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Context of 'November 2005: New Think Tank Rallies British Neoconservatives'

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Richard Perle, fresh out of the London School of Economics, comes to Washington to work for a neoconservative think tank called the “Committee to Maintain a Prudent Defense Policy.” Within months, Senator Henry “Scoop” Jackson will offer Perle a position on his staff, working with the Senate Foreign Relations Committee (see Early 1970s). (Green 2/28/2004)

Neoconservatives see Democratic presidential candidate George McGovern’s floundering campaign and eventual landslide defeat (see November 7, 1972) as emblematic of, in author Craig Unger’s words, everything that is wrong with the “defeatist, isolationist policies of the liberals who had captured the Democratic Party.” If the neoconservatives had had their way, their favorite senator, Henry “Scoop” Jackson (see Early 1970s), would have won the nomination. But the Vietnam War has put hawkish Cold Warriors like Jackson in disfavor in the party, and Jackson was set aside for the disastrous McGovern candidacy. The Republicans offer little interest themselves for the neoconservatives. Richard Nixon is enamored of one of their most hated nemeses, National Security Adviser Henry Kissinger, whose “realpolitik” did nothing to excite their ideological impulses. And under Nixon, the icy Cold War is slowly thawing, with summit meetings, bilateral commissions, and arms limitations agreements continually bridging the gap between the US and the neoconservatives’ implacable foe, the Soviet Union. In Nixon’s second term, the Coalition for a Democratic Majority (CDM)—populated by Democratic neoconservatives like Jackson, Irving Kristol, Norman Podhoretz, Midge Decter, Daniel Patrick Moynihan (Nixon’s domestic adviser), Jeane Kirkpatrick, Ben Wattenberg, and James Woolsey, and joined by 1968 Democratic presidential candidate Hubert Humphrey, will pressure Nixon to adopt a tough “peace through strength” policy towards the Soviet Union. Although it will take time, and the formation of countless other organizations with similar memberships and goals, this group of neoconservatives and hawkish hardliners will succeed in marginalizing Congress, demonizing their enemies, and taking over the entire foreign policy apparatus of the US government. (Unger 2007, pp. 47-48)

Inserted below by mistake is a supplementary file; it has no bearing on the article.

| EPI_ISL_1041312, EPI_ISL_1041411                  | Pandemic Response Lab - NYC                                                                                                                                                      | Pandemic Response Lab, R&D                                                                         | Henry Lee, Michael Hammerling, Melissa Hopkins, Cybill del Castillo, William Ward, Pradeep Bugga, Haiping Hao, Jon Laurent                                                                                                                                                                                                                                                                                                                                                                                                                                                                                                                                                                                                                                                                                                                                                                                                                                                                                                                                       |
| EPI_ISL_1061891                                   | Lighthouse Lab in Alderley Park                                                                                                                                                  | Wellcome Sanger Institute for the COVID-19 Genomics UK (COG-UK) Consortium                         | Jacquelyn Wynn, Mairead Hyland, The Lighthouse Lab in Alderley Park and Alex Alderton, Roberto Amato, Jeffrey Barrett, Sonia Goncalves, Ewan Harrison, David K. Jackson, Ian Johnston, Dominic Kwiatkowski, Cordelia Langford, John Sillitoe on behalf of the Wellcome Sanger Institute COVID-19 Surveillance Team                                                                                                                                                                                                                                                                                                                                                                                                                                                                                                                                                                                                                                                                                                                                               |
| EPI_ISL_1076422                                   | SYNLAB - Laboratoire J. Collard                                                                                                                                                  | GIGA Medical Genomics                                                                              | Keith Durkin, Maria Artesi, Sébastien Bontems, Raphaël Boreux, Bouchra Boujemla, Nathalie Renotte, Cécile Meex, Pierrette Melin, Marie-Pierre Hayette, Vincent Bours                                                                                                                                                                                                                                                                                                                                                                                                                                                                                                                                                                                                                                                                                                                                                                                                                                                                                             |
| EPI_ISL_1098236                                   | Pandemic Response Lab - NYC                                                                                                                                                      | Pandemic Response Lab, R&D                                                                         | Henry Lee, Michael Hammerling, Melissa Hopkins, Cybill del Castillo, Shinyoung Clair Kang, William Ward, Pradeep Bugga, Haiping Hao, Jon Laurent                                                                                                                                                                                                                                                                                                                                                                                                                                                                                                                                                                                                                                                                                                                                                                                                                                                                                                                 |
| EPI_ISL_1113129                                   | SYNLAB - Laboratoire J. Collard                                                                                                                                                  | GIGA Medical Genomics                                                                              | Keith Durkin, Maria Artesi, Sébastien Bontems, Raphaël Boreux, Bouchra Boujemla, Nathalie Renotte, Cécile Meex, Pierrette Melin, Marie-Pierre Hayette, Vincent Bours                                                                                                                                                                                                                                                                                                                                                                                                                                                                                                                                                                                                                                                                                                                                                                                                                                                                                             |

The American Committee for Peace in Chechnya (ACPC) is founded by Freedom House. Its mission is to promote a “peaceful resolution of the Russo-Chechen war.” Board members include Zbigniew Brzezinski, Alexander M. Haig, Jr., Steven J. Solarz, and Max Kampelman. ACPC’s regular members include Richard Perle; Elliott Abrams, Kenneth Adelman, Midge Decter, Frank Gaffney, Bruce Jackson, Michael Ledeen of the American Enterprise Institute, James Woolsey, Robert Kagan, William Kristol, Norman Podhoretz, among others. The APC is closely tied to the American Enterprise Institute and the Jamestown Foundation and National Endowment for Democracy and other US democratization initiatives. (Laughland 9/8/2004; American Committee for Peace in Chechnya 11/15/2005)

The Henry Jackson Society logo.The Henry Jackson Society logo. [Source: henryjacksonsociety.org]An elite group of British academics, journalists, and politicians joins forces in a new political think tank named after the American politician and neoconservative icon Henry “Scoop” Jackson. The Henry Jackson Society (HJS), whose motto is “Project for Democratic Geopolitics,” advocates an interventionist foreign policy to spread democracy. Its supporters include many influential personalities known for their support of the Iraq War, as well as their pro-American and pro-Israel stance. Richard Dearlove, the former head of MI6, is one of the signatories of its manifesto. James Woolsey, Richard Perle, and William Kristol are among its “international patrons.” (Clark 11/21/2005; Pollard 11/27/2005; Lloyd 12/2/2005)


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